Q: What is your relationship with the cast and producers vs. the stage manager’s relationship with them?

A: The CM’s relationship with the cast is on the inside but still you’re “management.” As time goes on, the cast trusts you more, especially if you keep their confidence and trust. Keep things positive. Generally the SM has a much more personal relationship with the actors. The SM also fills out a report every day and distributes it to everyone; the report includes start and end time, audience, any incidents or accidents that occur, any AEA issues. SM’s are in AEA; CM’s are in ATPAM.

Q: What is a typical evening at the show like for you? What do you do?

A: Between 7 and 7:15, I stop at the box office, check in for business of the day and of the week, ask about any special promotions going on, see the house seats order. Then I walk through the theater, see if it’s too cool or hot; you must check all surroundings and be aware of everything. Then I stop in the SM’s office, then head to wardrobe, then see the actors. At 8:00, I go back to the box office. If there’s any problem, I go to the department head and work it out. After the box office statement is signed, I call in the figures to the producers.

Here’s a sample problem: let’s say it’s a sold-out performance and you have a cancellation line of 5 people. There are 2 guaranteed house seat orders equaling 5 people, but they’re not there. Here’s what I would do: sell the tickets to the people there waiting, then sweat bullets wondering if the house seat people will show up. In all my years of being a CM, they’ve never shown up!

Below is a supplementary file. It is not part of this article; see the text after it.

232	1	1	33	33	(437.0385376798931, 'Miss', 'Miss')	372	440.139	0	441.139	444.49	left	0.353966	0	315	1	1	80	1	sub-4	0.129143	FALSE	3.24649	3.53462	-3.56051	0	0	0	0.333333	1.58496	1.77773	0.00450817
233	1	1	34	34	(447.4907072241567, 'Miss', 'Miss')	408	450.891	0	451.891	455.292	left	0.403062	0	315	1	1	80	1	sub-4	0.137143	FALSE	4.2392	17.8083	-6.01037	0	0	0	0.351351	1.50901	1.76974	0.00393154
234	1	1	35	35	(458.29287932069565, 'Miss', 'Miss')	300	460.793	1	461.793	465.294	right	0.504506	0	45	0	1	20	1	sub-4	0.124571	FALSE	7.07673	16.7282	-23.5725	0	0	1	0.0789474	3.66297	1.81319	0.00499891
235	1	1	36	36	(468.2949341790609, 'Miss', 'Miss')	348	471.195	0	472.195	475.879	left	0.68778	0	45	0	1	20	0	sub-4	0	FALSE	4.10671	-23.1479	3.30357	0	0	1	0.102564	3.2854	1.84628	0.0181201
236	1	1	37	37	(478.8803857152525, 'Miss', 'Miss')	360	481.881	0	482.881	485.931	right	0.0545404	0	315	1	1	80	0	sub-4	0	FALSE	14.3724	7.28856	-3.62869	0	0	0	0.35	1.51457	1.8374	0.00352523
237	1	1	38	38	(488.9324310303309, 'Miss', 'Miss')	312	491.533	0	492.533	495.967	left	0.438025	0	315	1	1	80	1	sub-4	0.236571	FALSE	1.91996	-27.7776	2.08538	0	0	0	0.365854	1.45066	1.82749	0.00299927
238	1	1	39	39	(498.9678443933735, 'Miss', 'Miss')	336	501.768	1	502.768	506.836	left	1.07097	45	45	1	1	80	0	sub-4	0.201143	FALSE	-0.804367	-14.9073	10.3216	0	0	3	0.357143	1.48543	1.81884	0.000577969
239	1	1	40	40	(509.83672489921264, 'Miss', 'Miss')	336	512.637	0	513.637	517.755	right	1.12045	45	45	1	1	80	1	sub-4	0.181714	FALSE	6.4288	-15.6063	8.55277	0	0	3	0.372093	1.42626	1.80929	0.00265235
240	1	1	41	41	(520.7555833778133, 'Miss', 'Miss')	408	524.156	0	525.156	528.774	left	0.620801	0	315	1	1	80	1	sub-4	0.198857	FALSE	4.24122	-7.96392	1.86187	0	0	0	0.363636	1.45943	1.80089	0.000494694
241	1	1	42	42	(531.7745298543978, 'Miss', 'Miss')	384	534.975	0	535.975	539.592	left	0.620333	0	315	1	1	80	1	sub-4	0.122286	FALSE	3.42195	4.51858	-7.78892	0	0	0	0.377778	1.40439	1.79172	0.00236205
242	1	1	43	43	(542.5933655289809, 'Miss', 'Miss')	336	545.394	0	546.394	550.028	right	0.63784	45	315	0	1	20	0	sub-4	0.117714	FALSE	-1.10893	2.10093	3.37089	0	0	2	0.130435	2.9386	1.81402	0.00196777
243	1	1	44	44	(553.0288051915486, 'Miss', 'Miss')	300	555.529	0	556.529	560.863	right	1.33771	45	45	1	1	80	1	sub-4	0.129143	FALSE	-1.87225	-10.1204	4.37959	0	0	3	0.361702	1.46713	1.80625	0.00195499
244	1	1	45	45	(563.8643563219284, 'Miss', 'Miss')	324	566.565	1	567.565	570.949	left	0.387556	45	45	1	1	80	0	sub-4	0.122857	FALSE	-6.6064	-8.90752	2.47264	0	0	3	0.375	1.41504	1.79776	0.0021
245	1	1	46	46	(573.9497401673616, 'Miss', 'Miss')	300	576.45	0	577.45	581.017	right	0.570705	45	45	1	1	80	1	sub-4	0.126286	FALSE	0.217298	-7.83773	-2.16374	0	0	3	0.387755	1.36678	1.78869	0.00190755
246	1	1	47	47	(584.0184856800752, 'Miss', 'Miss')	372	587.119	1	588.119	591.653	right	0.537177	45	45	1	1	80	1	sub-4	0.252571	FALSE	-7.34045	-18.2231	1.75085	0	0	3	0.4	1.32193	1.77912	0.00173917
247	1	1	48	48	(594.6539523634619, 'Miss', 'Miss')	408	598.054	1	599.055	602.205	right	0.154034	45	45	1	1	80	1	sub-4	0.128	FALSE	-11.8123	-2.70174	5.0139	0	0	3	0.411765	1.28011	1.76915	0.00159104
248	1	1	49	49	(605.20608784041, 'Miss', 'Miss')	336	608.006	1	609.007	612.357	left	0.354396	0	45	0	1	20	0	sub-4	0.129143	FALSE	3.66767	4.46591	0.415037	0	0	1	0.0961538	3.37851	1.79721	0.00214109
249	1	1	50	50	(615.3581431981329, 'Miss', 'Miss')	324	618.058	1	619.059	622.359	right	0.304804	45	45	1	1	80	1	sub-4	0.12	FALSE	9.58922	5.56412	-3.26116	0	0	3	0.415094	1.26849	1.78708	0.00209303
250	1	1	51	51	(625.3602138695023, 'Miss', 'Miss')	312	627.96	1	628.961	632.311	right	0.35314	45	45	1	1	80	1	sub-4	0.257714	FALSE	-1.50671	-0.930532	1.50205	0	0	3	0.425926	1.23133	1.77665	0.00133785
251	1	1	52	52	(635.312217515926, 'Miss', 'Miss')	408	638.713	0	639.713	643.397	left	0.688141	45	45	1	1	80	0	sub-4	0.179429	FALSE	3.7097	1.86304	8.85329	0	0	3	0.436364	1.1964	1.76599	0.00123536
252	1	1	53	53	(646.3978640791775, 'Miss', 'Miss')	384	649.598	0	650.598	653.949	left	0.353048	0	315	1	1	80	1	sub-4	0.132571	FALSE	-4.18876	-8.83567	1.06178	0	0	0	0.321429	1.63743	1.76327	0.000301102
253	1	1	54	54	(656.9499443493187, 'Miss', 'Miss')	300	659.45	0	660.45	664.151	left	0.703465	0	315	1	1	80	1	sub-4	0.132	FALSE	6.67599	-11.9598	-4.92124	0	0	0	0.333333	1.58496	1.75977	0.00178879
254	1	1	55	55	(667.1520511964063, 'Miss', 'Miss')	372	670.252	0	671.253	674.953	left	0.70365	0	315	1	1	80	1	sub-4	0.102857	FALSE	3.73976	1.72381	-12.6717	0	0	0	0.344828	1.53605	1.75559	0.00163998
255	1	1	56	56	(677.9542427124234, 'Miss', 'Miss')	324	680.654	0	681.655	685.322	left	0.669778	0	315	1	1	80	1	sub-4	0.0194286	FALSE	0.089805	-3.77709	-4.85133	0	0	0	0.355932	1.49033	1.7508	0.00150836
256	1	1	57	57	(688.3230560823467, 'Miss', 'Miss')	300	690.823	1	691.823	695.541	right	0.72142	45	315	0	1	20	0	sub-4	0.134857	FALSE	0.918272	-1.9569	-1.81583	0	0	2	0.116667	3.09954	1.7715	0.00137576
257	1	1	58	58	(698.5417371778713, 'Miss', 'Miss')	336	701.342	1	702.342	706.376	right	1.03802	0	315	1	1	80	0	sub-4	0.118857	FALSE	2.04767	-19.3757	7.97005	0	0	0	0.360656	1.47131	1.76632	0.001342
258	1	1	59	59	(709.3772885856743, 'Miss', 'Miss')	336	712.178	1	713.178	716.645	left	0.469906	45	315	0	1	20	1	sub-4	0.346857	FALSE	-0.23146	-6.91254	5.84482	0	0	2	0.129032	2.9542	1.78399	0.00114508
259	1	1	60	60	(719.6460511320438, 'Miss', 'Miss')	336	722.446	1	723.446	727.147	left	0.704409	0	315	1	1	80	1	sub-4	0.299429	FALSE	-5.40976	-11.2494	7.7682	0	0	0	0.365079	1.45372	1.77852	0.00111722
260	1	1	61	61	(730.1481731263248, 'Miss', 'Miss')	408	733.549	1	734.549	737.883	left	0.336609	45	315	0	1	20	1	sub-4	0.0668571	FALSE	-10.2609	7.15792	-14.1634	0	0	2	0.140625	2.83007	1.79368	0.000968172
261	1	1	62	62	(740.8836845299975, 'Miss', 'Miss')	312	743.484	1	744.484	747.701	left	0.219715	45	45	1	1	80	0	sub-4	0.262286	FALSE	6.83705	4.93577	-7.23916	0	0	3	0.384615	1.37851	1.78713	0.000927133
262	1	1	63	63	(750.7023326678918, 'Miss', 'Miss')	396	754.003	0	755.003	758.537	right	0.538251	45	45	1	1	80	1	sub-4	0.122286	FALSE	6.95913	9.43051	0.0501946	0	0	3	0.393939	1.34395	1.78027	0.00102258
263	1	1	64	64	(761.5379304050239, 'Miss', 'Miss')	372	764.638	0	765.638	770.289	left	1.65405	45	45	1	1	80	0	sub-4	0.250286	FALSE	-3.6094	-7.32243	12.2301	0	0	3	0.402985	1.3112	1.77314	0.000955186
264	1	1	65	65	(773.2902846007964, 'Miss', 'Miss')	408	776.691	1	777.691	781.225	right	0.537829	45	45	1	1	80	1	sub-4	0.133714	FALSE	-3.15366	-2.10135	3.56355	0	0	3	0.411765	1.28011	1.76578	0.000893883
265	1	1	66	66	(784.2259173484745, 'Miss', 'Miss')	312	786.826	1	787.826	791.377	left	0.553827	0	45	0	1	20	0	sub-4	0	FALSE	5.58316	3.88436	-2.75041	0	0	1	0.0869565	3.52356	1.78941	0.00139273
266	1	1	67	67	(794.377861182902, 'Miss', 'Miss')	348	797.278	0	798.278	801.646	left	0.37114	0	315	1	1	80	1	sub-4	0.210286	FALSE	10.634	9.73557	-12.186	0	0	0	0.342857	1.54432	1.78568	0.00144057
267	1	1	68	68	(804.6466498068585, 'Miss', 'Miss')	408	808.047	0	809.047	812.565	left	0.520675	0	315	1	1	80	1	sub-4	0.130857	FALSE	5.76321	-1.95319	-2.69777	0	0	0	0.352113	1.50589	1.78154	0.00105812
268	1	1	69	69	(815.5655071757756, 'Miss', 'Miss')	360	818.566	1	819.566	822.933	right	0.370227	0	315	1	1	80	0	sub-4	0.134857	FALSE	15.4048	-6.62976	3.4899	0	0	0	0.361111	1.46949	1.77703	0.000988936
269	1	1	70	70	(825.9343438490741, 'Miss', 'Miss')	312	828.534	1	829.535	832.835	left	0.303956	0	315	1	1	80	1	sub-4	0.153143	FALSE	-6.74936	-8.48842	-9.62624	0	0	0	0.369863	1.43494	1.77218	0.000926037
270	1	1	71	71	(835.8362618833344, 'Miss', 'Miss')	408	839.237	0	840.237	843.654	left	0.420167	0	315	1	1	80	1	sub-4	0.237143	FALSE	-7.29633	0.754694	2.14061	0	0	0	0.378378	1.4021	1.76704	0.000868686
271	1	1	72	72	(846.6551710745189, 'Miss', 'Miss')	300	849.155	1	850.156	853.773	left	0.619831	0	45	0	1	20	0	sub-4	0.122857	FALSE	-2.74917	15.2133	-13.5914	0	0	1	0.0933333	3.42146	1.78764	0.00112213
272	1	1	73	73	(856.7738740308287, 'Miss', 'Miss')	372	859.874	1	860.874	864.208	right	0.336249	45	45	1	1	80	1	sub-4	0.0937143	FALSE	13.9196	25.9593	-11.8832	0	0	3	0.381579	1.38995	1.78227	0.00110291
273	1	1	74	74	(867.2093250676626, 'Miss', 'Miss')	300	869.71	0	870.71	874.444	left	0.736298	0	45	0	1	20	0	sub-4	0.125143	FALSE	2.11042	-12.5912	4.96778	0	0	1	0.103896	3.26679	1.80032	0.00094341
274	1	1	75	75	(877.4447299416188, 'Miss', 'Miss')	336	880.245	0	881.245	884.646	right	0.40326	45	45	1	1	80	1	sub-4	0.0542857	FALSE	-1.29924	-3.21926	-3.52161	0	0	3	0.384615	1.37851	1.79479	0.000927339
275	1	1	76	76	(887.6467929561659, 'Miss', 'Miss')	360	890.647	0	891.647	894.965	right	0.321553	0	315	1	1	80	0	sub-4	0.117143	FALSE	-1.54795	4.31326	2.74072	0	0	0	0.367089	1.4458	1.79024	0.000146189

Q: What’s the difference between computerized and hard tickets?

A: On a computerized ticket, the box office statement tells you: gross, full price, groups with different prices, TKTS, special promotions, TDF, American Express promotions, comps, etc.... The box office must prove how the tickets were sold. If there were 20 comps, they must show where they went. Commissions are then deducted. The rest is done through Telecharge.

If you have hard tickets, you count the unsold tickets (deadwood). (On the computerized statement you don’t do this.) You also manually count comps, TKTS, etc. – you look at stubs to count. The CM waits till it balances.

Q: What’s ICE?

A: Ice is money that treasurers receive when they sell tickets to brokers. Say the ticket is $60 – the broker pays $60 then kicks in $200/ticket for the best seats. For example, at CATSKILLS ON BROADWAY, they apparently just weren’t putting money on the statement; they were selling tickets and saying they were comps then pocketing the money. You must LOOK IN the theater so you can estimate the number of people and make sure the BO statement makes sense.

Q: What do you say when you call a producer?

A: You report the gross, whether it’s up or down, the number of people at the show, the wrap (business that BO takes in today, for this or future performances, which shows you how advertising is working each day), the advance (everything past this performance, which tells you how advertising should go). They’ll get a more complete version the next day; you just give them an overview.

Q: Where does the money go at the end of the day?

A: An armored car comes to the theater 2 to 3 times each week. The following Tuesday you get a recap of gross, expenses (salaries, advertising bill, weekly expenses to attorneys and casting people, etc.). If any is left over, it goes to the investors.

Q: What role do you play in the closing?

A: The CM often knows before the producers know. You prepare an inventory list, figure out where does the set go, etc. – do you sell it? Will there be a national tour so you store it? You continue working 1 or 2 weeks after the show closes, doing unemployment forms, tying up any loose ends.